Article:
The domestic situation of the two private guards, Javed Ahmad and Muzaffar Laway, who were killed near Pombai, belonged to under-privileged families. Both were orphans and came from marginal farming background. Javed, an erstwhile carpet-weaver, married with two minors, has been a private security guard at Rs 6000 for many years now. Laway tried his luck in army, suffered a leg injury and landed in private security. Married with two kids, he was the sole bread earner for the family. Both the families, already struggling to make two ends meet, are now sure to witness more hardships. This collateral damage is being felt by the population that has already raised a generation of destitute since 1990.

But the new generation is completely different, devoid of any fear and the consequences. They see inspiration in the fatigue-wearing, Kalashnikov holding rebels, who sing songs of freedom in the remote forests and broadcast it through social websites. Unlike rebel of 1990s, the post-Burhan militant does not want to hide in shades. In a latest video, these rebels are giving a punitive haircut to a couple of young men. It followed a high definition video that displayed as many as 29 militant’s ascend in a jungle.

Are the bank robberies and the attack on cash van linked, nobody knows. While Hizb ul Mujahideen has claimed responsibility for attacking the cash van’s security detail, it insisted that it is not involved in the bank robberies.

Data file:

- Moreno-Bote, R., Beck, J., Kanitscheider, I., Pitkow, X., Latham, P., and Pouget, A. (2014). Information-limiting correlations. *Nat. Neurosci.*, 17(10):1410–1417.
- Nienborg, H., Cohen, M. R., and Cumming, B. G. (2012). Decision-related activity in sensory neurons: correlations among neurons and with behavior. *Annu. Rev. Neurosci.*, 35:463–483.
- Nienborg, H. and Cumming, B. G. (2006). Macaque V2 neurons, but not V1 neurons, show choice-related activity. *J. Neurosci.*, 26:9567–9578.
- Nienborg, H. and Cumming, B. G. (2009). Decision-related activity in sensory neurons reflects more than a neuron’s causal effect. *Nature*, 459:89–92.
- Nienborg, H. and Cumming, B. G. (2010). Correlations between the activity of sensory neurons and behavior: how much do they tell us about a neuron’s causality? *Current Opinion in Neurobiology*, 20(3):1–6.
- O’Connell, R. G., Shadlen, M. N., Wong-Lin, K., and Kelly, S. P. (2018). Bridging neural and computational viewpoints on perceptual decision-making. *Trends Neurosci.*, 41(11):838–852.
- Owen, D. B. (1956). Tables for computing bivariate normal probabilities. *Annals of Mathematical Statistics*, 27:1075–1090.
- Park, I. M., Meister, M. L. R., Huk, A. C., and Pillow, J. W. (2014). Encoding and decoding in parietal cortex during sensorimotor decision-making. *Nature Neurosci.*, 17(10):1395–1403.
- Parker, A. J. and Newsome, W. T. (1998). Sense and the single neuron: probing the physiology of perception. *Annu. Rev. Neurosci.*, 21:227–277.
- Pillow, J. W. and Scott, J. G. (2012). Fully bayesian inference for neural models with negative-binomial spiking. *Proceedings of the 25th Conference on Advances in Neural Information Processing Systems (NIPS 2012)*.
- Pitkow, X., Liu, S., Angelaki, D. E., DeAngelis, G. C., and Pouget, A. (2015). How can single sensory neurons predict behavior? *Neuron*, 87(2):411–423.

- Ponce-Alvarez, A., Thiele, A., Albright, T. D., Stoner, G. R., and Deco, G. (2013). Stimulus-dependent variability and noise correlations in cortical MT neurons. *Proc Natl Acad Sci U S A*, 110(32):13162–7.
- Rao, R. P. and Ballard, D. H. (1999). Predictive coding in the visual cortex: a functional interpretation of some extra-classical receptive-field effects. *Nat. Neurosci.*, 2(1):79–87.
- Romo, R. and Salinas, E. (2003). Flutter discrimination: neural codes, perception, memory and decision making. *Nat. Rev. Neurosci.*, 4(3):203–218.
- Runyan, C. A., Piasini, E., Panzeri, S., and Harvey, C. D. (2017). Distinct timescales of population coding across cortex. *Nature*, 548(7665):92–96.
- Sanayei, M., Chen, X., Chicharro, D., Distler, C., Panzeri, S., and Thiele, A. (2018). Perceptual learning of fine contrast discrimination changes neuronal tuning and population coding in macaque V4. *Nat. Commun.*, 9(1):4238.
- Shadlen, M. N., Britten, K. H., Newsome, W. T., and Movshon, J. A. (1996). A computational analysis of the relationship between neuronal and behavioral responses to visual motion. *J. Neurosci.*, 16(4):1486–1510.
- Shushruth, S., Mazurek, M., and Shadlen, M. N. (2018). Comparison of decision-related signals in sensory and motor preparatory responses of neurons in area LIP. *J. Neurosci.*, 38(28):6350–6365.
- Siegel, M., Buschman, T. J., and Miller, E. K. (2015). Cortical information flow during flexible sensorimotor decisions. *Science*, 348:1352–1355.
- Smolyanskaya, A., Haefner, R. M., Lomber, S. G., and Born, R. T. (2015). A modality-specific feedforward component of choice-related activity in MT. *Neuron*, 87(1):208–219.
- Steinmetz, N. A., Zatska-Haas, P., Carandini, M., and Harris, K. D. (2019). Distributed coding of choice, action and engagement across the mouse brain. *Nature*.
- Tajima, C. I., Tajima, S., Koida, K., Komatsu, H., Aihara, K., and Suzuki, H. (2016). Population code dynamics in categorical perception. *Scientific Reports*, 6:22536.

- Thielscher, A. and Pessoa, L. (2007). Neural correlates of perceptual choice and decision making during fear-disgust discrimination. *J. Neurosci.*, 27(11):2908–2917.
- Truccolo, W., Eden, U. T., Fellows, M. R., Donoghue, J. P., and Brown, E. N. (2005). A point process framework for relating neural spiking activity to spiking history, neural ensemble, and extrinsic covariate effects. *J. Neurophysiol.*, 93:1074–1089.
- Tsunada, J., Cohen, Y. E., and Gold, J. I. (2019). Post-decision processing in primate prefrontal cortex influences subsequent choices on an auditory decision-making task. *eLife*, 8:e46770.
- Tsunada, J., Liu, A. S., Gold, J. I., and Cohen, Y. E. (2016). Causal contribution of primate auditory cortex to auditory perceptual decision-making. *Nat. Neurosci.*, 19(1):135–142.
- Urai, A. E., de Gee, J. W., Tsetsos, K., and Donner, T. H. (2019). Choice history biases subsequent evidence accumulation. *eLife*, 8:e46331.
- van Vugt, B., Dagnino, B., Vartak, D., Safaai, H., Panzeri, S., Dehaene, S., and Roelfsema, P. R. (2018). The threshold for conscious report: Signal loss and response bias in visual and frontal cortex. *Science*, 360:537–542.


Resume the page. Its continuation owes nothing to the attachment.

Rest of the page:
In a state run higher secondary school, a teacher said, a senior student conducting the quiz asked: ‘what is the operational code of a local militant’. “Shock was on everyone’s face but no questions were asked,” he said.

Militants might be far and few between. But they are holding the sway over the entire region. “What my assessment is that the present day militant is more of defiance than a fight,” one south Kashmir based official said. “I am aware of the instances in which they simply fire in a belt only to convey their presence.” Seemingly, their emphasis is on hollowing the instruments of fear by challenging the might of the state.

“Is it worse than in 1990? My answer is yes and no,” former RAW chief A S Dulat who served Kashmir in 1990s said in an interview. “It is worse in terms of atmospherics. Because of alienation and the anger of youth, young Kashmiri minds have gone out of control. There is a sense of hopelessness. They aren’t afraid to die. Villagers, students and even girls are coming out on the streets. This has never happened in the past. However, that terrorism, that intensity of violence and militancy that we saw in 1990 is not there now. There were more guns then… Actual militancy was more then, but today the situation is scarier.”